A front-page Daily Express story claiming that English was starting to "die out" in some British school classrooms was inaccurate, press regulator IPSO has ruled.
Jonathan Portes complained about the front-page story from 24 July, headlined “311 languages spoken in our schools”. The sub headline read: "Special investigation: classrooms where English is starting to die out."
The online version said: “311 languages [are] spoken in our schools as English starts to die out”.
It reported that English-speaking pupils are “becoming a minority in hundreds of classrooms”, that in some schools English is “hardly heard at all”, and that there are schools where “foreign languages have overtaken English”.
It said this was due to a“decades-long open door policy on immigration”, and referred to data obtained from the Department for Education.
IPSO said in its ruling that the article "made clear assertions of fact that English 'is starting to die out' in schools and that English was 'hardly heard at all' in some schools. These claims distorted the data cited by the newspaper, which did not include any information about the frequency with which English was spoken in schools, by either pupils or teachers.
"This was a particularly concerning case because the inaccuracies had been repeated throughout the entire article, including prominently in print in the front-page sub-headline, and because they were central to the report, on a matter of significant public importance."
It said that a proposal from the Express to correct the story on its letters page was inadequate.
It said: "The article’s central claim – which was both dramatic and significant – was substantially undermined by the inaccuracies and the newspaper had failed to comply with its obligations under Clause 1 [of the Editors' Code] to correct it. In such circumstances, a reference to the adjudication must be published on the front page, directing readers to the full adjudication, which should be published on page seven.
"The front-page reference should include a headline making clear that IPSO has upheld the complaint, and refer to its subject matter; it must be agreed in advance. It should also be published on the newspaper’s website, with a link to the full adjudication appearing on the homepage for 48 hours; it should then be archived online in the usual way."
Following the publication of an article in The Daily Express on 24 July 2015, headlined “311 languages spoken in our schools”, Jonathan Portes complained to the Independent Press Standards Organisation that The Daily Express had breached Clause 1 (Accuracy) of the Editors’ Code of Practice. The complaint was upheld, and IPSO required the newspaper to publish this adjudication.
The front page article reported that English “is starting to die out” in schools. It also reported that there are some schools where English-speaking pupils are “becoming a minority”; where English is “hardly heard at all”; and where “foreign languages have overtaken English”. The article said that this was taking place due to an “open door” immigration policy, and referred to Department for Education (DfE) data about specific schools in relation to these claims.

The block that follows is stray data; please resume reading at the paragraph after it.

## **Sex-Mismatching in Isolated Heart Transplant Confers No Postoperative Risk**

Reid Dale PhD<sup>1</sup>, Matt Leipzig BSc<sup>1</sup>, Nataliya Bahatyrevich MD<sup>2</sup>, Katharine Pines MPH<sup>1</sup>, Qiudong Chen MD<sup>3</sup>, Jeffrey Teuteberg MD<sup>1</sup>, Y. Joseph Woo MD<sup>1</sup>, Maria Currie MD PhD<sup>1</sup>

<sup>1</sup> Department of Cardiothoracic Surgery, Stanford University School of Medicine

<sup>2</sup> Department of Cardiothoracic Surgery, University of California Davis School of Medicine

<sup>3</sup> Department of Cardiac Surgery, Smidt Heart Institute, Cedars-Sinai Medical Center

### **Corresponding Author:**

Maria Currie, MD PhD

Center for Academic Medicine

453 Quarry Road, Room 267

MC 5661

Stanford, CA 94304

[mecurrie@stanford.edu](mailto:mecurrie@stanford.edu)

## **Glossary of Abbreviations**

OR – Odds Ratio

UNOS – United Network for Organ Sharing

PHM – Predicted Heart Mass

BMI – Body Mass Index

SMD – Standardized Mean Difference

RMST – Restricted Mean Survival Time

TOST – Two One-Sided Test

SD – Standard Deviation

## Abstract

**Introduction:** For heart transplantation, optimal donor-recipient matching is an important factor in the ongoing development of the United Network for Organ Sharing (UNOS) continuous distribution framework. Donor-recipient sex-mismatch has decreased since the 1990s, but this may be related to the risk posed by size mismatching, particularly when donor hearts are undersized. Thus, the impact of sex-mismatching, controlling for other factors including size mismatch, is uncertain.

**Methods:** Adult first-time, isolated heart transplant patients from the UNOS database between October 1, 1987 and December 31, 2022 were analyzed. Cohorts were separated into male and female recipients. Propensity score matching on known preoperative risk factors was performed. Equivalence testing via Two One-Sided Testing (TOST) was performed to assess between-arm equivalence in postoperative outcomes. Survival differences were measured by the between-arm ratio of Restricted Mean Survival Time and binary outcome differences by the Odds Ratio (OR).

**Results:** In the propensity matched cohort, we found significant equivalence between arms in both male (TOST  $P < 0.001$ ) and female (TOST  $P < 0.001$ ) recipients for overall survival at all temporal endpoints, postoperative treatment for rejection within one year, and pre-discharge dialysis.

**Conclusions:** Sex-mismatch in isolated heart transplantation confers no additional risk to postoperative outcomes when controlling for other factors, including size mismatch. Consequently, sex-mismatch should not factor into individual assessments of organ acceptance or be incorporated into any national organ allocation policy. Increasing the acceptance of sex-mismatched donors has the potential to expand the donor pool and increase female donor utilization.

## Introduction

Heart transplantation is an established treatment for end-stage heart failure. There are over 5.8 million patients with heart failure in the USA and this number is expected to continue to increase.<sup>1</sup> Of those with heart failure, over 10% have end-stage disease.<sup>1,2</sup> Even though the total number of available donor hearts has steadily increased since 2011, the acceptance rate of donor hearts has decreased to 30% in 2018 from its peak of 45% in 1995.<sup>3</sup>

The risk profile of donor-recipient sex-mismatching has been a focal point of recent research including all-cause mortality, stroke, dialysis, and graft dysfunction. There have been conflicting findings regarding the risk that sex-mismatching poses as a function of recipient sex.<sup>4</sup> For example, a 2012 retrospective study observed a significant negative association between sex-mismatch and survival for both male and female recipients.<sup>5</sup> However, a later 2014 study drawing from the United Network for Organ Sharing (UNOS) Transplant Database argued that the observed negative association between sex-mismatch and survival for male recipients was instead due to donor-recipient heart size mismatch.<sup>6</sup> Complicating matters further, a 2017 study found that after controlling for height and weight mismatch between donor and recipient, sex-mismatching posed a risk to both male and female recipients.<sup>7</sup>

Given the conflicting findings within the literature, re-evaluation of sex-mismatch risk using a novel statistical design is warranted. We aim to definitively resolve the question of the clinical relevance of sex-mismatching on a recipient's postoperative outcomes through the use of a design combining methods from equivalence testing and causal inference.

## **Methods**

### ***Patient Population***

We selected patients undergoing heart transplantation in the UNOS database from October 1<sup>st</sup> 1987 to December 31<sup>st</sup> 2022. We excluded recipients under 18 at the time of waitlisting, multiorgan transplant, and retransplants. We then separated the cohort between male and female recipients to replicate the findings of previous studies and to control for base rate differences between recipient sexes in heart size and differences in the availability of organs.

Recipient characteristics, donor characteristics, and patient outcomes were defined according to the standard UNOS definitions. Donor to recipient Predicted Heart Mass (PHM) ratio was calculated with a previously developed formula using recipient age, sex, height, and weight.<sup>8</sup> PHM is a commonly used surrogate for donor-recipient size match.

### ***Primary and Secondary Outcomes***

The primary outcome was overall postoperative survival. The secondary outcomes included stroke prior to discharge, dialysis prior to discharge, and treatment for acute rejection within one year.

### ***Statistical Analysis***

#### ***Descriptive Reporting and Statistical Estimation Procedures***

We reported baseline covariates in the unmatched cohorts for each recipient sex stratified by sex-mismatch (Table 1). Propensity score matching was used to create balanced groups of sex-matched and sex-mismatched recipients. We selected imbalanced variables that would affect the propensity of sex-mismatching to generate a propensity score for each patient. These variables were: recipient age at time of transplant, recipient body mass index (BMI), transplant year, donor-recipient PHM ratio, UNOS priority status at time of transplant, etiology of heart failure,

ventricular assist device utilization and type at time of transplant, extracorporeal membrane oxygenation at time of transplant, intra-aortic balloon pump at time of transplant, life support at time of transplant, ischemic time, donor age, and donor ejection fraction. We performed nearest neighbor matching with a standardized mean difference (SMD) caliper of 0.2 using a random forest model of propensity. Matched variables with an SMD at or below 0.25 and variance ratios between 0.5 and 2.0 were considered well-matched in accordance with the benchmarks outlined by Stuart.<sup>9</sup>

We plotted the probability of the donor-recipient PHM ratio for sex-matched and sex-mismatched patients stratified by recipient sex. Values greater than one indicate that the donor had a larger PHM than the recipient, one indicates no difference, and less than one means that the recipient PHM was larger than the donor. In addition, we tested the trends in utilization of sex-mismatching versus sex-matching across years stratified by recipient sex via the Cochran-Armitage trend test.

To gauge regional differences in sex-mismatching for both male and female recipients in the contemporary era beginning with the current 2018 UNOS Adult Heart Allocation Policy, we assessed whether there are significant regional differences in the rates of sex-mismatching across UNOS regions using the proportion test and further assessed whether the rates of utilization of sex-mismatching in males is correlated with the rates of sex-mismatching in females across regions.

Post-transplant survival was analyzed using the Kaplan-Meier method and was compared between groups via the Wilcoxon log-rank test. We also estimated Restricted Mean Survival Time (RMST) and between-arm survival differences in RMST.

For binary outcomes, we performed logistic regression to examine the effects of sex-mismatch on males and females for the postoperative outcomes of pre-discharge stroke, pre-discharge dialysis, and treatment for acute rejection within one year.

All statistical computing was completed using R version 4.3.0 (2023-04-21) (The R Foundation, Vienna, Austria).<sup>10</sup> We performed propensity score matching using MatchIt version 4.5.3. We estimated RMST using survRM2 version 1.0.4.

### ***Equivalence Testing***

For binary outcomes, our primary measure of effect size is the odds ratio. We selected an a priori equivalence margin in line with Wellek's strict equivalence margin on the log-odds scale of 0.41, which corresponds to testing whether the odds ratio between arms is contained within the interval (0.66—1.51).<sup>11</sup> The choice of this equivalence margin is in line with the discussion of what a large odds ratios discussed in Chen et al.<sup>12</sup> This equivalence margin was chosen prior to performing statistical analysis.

The complainant said that the article’s central claims were inaccurate. It also inaccurately suggested that in some schools, lessons are not taught in English. The data referred to by the newspaper only recorded a pupils’ first language; it did not say that those pupils would be unable to speak English. Further, English is the language of instruction in all maintained schools in England.
The Daily Express accepted that the article may have suggested inaccurately that pupils who did not speak English as a first language could not speak English at all, and that English is not spoken in some classrooms. It said that when reading the article as a whole, the inaccuracies would not have significantly misled readers. It offered to publish a correction both online and in its “Amplifications & Corrections” column on its letters page.
The Complaints Committee found that the article’s claims that English “is starting to die out” in schools and that English was “hardly heard at all” in some schools were completely unsupported by the data the newspaper had cited. These claims distorted the data cited by the newspaper, which did not include any information about the frequency with which English was spoken in schools, by either pupils or teachers.
This was a particularly concerning case because the inaccuracies had been repeated throughout the entire article, including prominently in the front-page sub-headline, and because they were central to the report, on a matter of significant importance. The newspaper’s defence that the article was not misleading when read as a whole did not demonstrate that the newspaper had taken care to report the data accurately. The complaint was upheld as a breach under Clause 1.
The Committee was also concerned by the newspaper’s proposals to correct the inaccuracies in its “Amplifications & Corrections” column on its letters page. There was no information published on this page to signal to readers that this was where the column would normally appear, and the column itself was published infrequently. Given its position in the newspaper, the letters page was not an otherwise sufficiently prominent location for the proposed correction, since the article had appeared prominently on the front page. This aspect of the complaint was also upheld under Clause 1.